The Marsh collection, with its important Turkmen component, further contributed a notable example when a phone bidder successfully bagged a Salor juval thought to be early for $43,750. The 4-foot-6-inch-by-2-foot-10-inch carpet ranks high among similar rare pieces in private collections, according to catalog notes. A kochanak border surrounds a spaciously composed field of large archetypal chuval guls of generous height interspersed with smaller octagonal guls, which disappear beneath the upper and lower borders. Along the elem at the bottom is a row of spare, elegant trees, each topped by a kochak rams-horn device. Like the Salor chuval, it was both published and exhibited in the Dodds/Eiland Jr publication, Ross Gallery, Corcoran Gallery and Textile Museum.
Fetching $26,250 from an in-house bidder was another Turkmenistan carpet from circa 1800, a Salor torba. The carpet’s primary elements are repeated octagons spaciously arrayed on a brilliant red ground interspersed with ornaments that are occasionally seen in the centers of some Salor medallions. Catalog notes cite Robert Pinner, who wrote, “Only a few torbas are known with this design, which has the serene elegance we have learned to expect from the Salor.” As an independent motif, however, Pinner noted that it is rare.
Online bidders were successful on a mid-Nineteenth Century Shahsevan Khorjin face, Trans-Caucasus, bag face and a late Nineteenth Century northwest Persian serapi. The former at $19,200 represented one of only a handful of fine sumak khorjin faces with a large octagon on an ivory ground containing what appear to be dragon-like forms, two in pale aubergine and two in deep indigo. Some suggest that the small dots are “eyes” of the beasts, and the various appendages and attachments are scales on the dragon’s body and limbs. In each corner, hardly noticed, are four diminutive and delicately drawn birds with harlequin markings and three of which show double crested feathers on their heads.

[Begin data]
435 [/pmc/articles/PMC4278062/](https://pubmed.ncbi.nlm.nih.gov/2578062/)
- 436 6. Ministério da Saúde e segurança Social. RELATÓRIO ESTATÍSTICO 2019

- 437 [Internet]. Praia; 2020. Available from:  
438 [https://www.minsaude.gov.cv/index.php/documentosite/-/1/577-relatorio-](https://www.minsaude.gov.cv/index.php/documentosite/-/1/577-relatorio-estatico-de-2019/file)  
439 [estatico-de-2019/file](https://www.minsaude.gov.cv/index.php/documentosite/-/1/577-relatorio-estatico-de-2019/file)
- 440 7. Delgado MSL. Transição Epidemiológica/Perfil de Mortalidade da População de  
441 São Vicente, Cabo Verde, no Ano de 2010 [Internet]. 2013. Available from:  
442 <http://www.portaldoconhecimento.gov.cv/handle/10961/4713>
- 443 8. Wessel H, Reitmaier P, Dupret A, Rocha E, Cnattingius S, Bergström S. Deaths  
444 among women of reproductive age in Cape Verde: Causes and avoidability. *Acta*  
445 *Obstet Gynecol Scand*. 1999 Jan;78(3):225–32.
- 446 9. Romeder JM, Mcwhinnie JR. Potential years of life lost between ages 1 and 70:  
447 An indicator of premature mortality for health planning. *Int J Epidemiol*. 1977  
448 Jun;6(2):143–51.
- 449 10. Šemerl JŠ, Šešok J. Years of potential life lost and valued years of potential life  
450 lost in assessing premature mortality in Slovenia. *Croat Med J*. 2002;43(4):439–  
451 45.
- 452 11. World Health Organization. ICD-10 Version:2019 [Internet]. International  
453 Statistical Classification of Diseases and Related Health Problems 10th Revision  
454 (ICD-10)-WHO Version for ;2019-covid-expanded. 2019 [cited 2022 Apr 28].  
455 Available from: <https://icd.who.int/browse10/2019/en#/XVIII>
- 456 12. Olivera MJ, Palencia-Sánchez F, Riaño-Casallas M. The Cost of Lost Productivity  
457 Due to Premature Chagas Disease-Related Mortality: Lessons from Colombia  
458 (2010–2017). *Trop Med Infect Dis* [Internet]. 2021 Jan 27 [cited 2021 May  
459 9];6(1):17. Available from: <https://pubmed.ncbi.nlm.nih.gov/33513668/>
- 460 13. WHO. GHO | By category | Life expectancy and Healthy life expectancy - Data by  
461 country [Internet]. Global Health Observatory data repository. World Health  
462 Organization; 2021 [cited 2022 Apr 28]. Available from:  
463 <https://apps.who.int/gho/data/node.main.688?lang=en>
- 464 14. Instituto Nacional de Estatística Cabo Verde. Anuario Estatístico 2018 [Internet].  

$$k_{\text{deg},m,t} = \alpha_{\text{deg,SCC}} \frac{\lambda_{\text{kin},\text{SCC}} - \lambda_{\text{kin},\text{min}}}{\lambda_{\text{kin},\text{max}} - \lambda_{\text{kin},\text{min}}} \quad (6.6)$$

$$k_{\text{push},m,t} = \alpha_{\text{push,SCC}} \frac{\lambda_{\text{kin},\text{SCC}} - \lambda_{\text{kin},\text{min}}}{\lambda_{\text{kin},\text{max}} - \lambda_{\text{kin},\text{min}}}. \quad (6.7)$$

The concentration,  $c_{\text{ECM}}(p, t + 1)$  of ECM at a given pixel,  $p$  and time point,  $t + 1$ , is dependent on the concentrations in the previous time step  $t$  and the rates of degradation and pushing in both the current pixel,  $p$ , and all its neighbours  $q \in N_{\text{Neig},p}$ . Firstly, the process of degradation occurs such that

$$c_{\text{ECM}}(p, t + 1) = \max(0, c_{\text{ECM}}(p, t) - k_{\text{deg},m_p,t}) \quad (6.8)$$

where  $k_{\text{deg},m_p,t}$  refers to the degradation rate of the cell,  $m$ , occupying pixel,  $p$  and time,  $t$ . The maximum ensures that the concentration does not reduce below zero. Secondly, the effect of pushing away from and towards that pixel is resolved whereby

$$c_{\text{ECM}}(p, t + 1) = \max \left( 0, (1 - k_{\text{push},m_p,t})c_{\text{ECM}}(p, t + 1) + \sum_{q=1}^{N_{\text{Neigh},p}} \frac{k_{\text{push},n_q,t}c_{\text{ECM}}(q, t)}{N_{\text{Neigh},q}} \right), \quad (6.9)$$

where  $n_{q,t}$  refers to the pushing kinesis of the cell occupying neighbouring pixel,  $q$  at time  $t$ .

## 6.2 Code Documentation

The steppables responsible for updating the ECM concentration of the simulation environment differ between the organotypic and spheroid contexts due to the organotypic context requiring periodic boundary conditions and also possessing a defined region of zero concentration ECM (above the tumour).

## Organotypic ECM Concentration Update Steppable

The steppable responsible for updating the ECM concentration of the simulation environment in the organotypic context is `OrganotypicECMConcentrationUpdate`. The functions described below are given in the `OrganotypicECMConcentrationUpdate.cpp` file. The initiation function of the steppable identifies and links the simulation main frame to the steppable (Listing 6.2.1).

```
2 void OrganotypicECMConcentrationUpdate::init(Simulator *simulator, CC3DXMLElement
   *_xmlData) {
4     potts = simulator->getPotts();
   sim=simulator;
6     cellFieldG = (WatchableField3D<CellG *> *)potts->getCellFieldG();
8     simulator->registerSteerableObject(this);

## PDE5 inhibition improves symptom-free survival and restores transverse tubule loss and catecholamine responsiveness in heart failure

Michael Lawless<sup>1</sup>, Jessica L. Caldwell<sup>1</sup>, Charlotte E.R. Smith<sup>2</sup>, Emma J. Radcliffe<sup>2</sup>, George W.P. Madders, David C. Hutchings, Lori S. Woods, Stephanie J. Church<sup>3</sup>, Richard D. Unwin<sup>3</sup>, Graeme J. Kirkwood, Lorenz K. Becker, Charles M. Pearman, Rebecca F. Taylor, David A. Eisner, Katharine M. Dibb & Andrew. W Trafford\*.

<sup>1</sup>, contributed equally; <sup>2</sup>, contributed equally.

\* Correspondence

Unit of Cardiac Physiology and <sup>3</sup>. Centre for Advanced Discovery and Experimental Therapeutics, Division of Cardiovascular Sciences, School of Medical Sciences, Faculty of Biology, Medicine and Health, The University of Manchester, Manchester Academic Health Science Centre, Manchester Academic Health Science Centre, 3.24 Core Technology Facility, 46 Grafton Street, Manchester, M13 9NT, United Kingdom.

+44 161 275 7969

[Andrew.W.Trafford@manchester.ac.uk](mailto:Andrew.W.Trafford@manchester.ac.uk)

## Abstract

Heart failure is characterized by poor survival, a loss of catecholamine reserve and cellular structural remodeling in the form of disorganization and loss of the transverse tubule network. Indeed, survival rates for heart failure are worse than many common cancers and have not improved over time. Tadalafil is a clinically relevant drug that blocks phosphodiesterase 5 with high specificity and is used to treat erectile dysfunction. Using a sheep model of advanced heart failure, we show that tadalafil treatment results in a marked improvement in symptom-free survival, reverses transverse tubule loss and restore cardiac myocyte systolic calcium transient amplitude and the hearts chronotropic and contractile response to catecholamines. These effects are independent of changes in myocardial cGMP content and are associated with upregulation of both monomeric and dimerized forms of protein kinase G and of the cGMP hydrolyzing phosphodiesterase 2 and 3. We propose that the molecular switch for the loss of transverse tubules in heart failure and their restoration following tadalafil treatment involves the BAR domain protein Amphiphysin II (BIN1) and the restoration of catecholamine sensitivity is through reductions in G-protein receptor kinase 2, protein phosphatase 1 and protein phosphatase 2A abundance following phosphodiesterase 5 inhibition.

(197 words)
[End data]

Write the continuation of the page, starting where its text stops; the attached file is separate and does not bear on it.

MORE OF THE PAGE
The serapi brought $15,360. Measuring 8 feet 8 inches by 11 feet 3 inches, it’s an unusual antique carpet with a bright and cheerful palette, the large red medallion sits on a white field with four large palmettes in each corner.
Two consecutive lots, a Turkmenistan Tekke chuval, circa 1800, displaying 16 refined hexagonal guls with tall proportions that are spaciously arranged on a spare field, and a similar example from the first half of the Nineteenth Century warned $13,750 and $12,500, respectively.
And lest you thought this was just a sale of Oriental carpets, Marsh’s eye for fine art was included among the top selling lots when a painting by Richard Gibson Wedderspoon (American, 1889-1976) of three African American gentlemen seated on a town bench, in Naples, Fla., with a half-hidden female standing figure, took $11,250, won by a phone bidder.
After the sale, Jevremovic said he was most surprised by the high level of interest. “A lot of collectors of Turkmen rugs are ‘seasoned,'” he said, with fairly complete collections. “So it was good to see a level of high interest and a strong sell-through rate.” Prices given include the buyer’s premium as stated by the auction house.
The next high-end antique Oriental carpet sale will take place toward the end of August.
For information, 215-438-4700 or www.materialculture.com.